Twenty-four participants spent 6 full work days (0900–1700 hours) in an environmentally controlled office space, blinded to test conditions. On different days, they were exposed to IEQ conditions representative of Conventional [high concentrations of volatile organic compounds (VOCs)] and Green (low concentrations of VOCs) office buildings in the United States. Additional conditions simulated a Green building with a high outdoor air ventilation rate (labeled Green+) and artificially elevated carbon dioxide (CO2) levels independent of ventilation.

On average, cognitive scores were 61% higher on the Green building day and 101% higher on the two Green+ building days than on the Conventional building day (p < 0.0001). VOCs and CO2 were independently associated with cognitive scores.

Is CO2 an Indoor Pollutant? Direct Effects of Low-to-Moderate CO2 Concentrations on Human Decision-Making Performance (2012)

Twenty-two participants were exposed to CO2 at 600, 1,000, and 2,500 ppm in an office-like chamber, in six groups. Each group was exposed to these conditions in three 2.5-hr sessions, all on 1 day, with exposure order balanced across groups. At 600 ppm, CO2 came from outdoor air and participants’ respiration. Higher concentrations were achieved by injecting ultrapure CO2. Ventilation rate and temperature were constant. Under each condition, participants completed a computer-based test of decision-making performance as well as questionnaires on health symptoms and perceived air quality. Participants and the person administering the decision-making test were blinded to CO2 level. Data were analyzed with analysis of variance models.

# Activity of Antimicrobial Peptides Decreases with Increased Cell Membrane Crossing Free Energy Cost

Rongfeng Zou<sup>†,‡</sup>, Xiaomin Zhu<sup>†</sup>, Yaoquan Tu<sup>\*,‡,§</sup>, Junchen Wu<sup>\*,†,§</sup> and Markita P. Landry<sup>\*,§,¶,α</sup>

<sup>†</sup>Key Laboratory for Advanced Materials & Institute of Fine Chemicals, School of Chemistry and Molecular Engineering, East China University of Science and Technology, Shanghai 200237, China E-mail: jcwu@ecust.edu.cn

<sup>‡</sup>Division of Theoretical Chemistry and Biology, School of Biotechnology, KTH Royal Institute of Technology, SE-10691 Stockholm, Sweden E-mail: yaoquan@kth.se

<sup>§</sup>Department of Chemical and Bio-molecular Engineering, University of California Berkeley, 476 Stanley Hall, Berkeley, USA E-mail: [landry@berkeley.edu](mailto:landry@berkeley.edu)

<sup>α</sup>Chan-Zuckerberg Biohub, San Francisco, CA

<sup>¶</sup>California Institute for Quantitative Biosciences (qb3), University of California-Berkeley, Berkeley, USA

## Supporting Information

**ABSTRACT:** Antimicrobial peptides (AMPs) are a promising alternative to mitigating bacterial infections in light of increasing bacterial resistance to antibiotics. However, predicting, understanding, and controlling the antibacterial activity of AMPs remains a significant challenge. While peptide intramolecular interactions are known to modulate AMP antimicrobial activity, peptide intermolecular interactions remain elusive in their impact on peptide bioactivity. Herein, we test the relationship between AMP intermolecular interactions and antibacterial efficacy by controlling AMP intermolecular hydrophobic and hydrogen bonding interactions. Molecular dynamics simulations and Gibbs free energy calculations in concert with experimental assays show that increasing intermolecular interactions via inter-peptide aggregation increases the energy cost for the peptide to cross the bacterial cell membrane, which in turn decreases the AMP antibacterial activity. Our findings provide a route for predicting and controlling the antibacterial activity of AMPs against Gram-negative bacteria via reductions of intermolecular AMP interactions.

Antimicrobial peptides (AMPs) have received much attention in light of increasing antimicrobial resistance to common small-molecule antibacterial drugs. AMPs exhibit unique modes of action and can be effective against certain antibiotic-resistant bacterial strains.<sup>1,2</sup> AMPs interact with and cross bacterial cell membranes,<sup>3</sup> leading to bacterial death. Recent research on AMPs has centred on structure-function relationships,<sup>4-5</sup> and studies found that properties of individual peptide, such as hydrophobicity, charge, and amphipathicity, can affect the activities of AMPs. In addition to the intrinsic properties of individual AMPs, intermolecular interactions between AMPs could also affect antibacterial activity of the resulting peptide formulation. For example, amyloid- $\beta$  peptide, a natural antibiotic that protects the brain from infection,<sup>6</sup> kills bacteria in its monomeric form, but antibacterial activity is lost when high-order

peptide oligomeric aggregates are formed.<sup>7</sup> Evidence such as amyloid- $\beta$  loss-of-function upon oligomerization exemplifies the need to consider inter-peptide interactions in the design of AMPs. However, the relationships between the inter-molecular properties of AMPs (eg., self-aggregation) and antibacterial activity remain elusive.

Relative to 600 ppm, at 1,000 ppm CO2, moderate and statistically significant decrements occurred in six of nine scales of decision-making performance. At 2,500 ppm, large and statistically significant reductions occurred in seven scales of decision-making performance (raw score ratios, 0.06–0.56), but performance on the focused activity scale increased.

Association of Ventilation Rates and CO 2 Concentrations with Health and Other Responses in Commercial and Institutional Buildings (1999; review study based on 40 other studies, around 60,000 participants in total)

Many investigations of the association of indoor car- bon dioxide concentrations with health and perceived air quality (PAQ) have been reported. At the concen- tration range encountered in normal indoor environ- ments (350–2,500 ppm), CO 2 is not thought to be a di- rect cause of health effects (ACGIH, 1991). However, because occupants are the dominant indoor source of CO 2 , the increase in indoor CO 2 concentration above the outdoor concentration (approximately 350 ppm) is considered a good surrogate for the indoor concen- trations of bioeffluents (e.g., body odors). Additionally, other indoor pollutants may be generated and vary in rough proportion to occupant-generated CO 2 ; for ex- ample, emissions from office equipment.